Molly Pitcher Biography And Information

Molly Pitcher, born Mary Ludwig, was a true Revolutionary war hero. She received the nickname Molly Pitcher for delivering water to soldiers.

Molly Pitcher's actual birth name was Mary Ludwig. She was born on October 13, 1754 to German immigrants who had moved to the colonies and settled on a dairy farm near Trenton, New Jersey. Mary was a lively girl who could often be found playing with her pet calf, Blossom. Said to be bright and friendly, it was believed that Mary had good prospects for a happy, peaceful future, but all doesn't always turn out as expected.

In 1769, at the age of fifteen, Mary moved to Carlisle, Pennsylvania in order to work for Dr. William Irvine, a soon to be colonel and brigadier general in the colonial army, as well as a leader at the Battle of Monmouth, as a servant. Domestic employment did not suit Mary, and she did not get along so well with Dr. Irvine, so after she met and fell in love with a barber named John Casper Hays, she happily left Dr. Irvine's employ in order to marry him.

Mary and John Hays were devoted to one another and one was usually never far from the other's side. When John Hays enlisted in the continental army in 1775, Mary packed up and followed him to the battlefield. This was not an uncommon occurrence. Many wives followed their husbands to camp in order to cook and clean for them, along with unmarried women in search of companionship, glory, or coin. They were known as camp followers. Mary Ludwig Hays, however, managed to quickly distinguish herself from the rest.

Mary Ludwig Hays did much more than cook, clean, do mending, and nurse the sick and wounded. She worked at becoming a true contributor to the war effort, and was quickly recognized and revered as a valuable asset. She served as a helpmeet in the brutally cold conditions at Valley Forge before the Battle of Monmouth. By carrying pitchers of clear spring water to the parched soldiers and gunmen who needed it to cool their hot artillery, she managed to earn the title of "Molly Pitcher". By hoisting wounded soldiers on her own slender back and spiriting them from the bloody battlefields she earned the men's respect. What earned her their adoration, however, was her act of active participation in the fighting.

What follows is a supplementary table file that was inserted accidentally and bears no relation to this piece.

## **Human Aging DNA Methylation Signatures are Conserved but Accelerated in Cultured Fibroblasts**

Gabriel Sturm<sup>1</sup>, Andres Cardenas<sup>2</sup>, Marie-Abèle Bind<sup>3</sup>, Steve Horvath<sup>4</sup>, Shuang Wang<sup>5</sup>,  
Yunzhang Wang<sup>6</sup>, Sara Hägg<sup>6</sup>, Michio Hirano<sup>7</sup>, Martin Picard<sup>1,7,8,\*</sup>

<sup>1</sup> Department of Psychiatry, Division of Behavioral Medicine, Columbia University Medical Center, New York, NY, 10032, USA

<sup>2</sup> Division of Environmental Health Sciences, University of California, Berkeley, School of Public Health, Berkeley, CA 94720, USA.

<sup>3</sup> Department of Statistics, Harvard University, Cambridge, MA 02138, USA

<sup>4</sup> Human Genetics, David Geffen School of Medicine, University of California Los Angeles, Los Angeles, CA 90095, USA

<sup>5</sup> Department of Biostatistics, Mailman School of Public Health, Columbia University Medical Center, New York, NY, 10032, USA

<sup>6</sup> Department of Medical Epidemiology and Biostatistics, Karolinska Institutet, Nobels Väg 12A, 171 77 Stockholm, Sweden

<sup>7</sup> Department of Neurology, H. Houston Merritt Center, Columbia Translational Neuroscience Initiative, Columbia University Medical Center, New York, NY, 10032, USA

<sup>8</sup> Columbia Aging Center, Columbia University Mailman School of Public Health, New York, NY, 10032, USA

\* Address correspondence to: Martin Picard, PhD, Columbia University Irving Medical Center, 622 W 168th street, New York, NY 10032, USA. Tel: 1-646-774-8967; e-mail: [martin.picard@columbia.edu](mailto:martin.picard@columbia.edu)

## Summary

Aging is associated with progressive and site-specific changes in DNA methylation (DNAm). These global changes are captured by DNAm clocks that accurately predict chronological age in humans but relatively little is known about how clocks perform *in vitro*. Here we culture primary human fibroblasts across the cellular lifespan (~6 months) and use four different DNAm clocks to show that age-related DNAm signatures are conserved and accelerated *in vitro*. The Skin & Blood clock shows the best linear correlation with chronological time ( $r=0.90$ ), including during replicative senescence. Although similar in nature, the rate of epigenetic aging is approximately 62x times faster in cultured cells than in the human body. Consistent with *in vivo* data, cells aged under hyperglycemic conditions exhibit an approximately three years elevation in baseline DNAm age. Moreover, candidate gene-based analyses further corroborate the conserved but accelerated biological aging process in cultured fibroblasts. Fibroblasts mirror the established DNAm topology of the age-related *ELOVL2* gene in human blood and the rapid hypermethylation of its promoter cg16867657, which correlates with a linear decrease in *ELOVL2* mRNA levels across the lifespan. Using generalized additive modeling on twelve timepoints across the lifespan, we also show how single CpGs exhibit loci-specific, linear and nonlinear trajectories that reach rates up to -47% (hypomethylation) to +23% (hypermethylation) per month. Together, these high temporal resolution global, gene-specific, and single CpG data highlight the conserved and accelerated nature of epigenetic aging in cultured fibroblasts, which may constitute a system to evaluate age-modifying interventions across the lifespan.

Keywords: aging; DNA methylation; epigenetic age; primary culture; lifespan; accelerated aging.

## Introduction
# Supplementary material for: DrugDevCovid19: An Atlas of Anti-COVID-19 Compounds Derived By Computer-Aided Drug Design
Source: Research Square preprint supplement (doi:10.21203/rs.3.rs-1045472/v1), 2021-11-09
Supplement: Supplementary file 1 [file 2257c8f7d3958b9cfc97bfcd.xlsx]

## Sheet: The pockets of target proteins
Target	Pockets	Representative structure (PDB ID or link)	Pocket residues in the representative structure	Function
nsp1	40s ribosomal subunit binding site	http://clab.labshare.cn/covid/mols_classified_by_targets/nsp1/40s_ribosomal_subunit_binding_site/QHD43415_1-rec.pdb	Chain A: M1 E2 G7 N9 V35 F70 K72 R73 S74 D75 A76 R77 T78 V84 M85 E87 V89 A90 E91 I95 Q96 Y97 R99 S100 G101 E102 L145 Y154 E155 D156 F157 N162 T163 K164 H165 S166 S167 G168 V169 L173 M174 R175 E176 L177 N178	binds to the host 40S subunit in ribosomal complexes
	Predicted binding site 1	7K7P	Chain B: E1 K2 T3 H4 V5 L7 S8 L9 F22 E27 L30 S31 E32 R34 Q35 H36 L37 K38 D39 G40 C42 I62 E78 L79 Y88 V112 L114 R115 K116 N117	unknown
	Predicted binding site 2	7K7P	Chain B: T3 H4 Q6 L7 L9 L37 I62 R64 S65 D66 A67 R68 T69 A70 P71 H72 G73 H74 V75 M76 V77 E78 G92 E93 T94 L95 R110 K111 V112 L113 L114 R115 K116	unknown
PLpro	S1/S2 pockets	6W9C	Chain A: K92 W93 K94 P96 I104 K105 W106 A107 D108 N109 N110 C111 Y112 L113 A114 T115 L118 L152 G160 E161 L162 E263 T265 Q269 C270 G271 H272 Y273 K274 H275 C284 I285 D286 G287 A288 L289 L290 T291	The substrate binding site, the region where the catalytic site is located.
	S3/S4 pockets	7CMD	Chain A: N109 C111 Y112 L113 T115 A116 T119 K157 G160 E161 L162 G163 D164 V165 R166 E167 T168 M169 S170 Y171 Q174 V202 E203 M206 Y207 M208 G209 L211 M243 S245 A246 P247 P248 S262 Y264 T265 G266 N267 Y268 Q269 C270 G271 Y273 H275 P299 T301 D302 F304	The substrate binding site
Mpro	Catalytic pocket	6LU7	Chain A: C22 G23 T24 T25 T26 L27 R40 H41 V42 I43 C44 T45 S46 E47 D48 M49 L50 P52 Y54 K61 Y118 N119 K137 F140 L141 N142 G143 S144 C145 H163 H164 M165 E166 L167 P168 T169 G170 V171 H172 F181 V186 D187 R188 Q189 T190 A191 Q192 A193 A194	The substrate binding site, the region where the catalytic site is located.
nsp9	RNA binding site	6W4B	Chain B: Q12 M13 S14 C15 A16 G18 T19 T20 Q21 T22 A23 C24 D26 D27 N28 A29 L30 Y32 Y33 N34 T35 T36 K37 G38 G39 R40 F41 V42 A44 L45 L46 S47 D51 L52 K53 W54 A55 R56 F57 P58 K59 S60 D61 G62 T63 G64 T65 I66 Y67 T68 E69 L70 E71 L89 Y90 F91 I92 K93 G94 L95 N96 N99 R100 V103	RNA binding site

John Hays, a member of the First Pennsylvania artillery, had replaced a casualty at one of the big guns and was preparing to fire a volley of rounds at the British during the Battle of Monmouth. Before Mary's horrified eyes he was shot and wounded, unable to man the big gun any longer. Mary charged over to him and, after ascertaining that he was going to live, took the rammer from his hands and proceeded to fire round after round at the approaching enemy. Mary Hays held her position as a gunner throughout the day, acting bravely and competently.

Joseph Plumb Martin, a soldier from Connecticut, was witness to Mary Ludwig Hay's valiant actions, and wrote this of her in his war memoir, "While in the act of reaching for a cartridge, a cannon shot from the enemy passed directly between her legs without doing any other damage than carrying away all the lower part of her petticoat. Looking at it with apparent unconcern, she observed that it was lucky it did not pass a little higher, for in that case it might have carried away something else." This shows the strength of character and level headedness that held Mary in good stead for the rest of the Battle.

After the victory at Monmouth, George Washington himself met with Mary Hays, commending her for her courage and honouring her by bestowing upon her the honorary, non-compensatory commission of Sargeant. A popular toast made by artillerymen at the time was "Drunk in a beverage richer and stronger than was poured that day from Molly Pitcher's pitcher." Mary Hays had become a war icon.

After the war Molly and John Hays returned to Carlisle, Pennsylvania in hopes of living a peaceful life, but their happiness was short-lived. John Hays died in 1789, and Mary was alone.

A few years after becoming a widow, Mary Ludwig Hays remarried, to a man named George McCauley. This was not a happy union, as it was said that George McCauley was a cold and unemotional man, and soon Mary returned to life as a domestic, forced their by poverty. Bitterly poor, Mary would not receive financial recognition for her war effort until 1822, at the age of 68, when the Pennsylvania legislature opted to award her with a pension in the amount of forty dollars annually. Mary Ludwig Hays McCauley died ten years later, on January 22, 1832.

She was laid to rest in a Pennsylvania cemetery; a flagstaff, a cannon, and a monument placed there to honour this extraordinary woman. Molly Pitcher is a historical testament to the fact that courage, persistence, and strength of will are not gender traits, but simply human traits, and proof that one can survive and excel without having the word "can't" in one's vocabulary.

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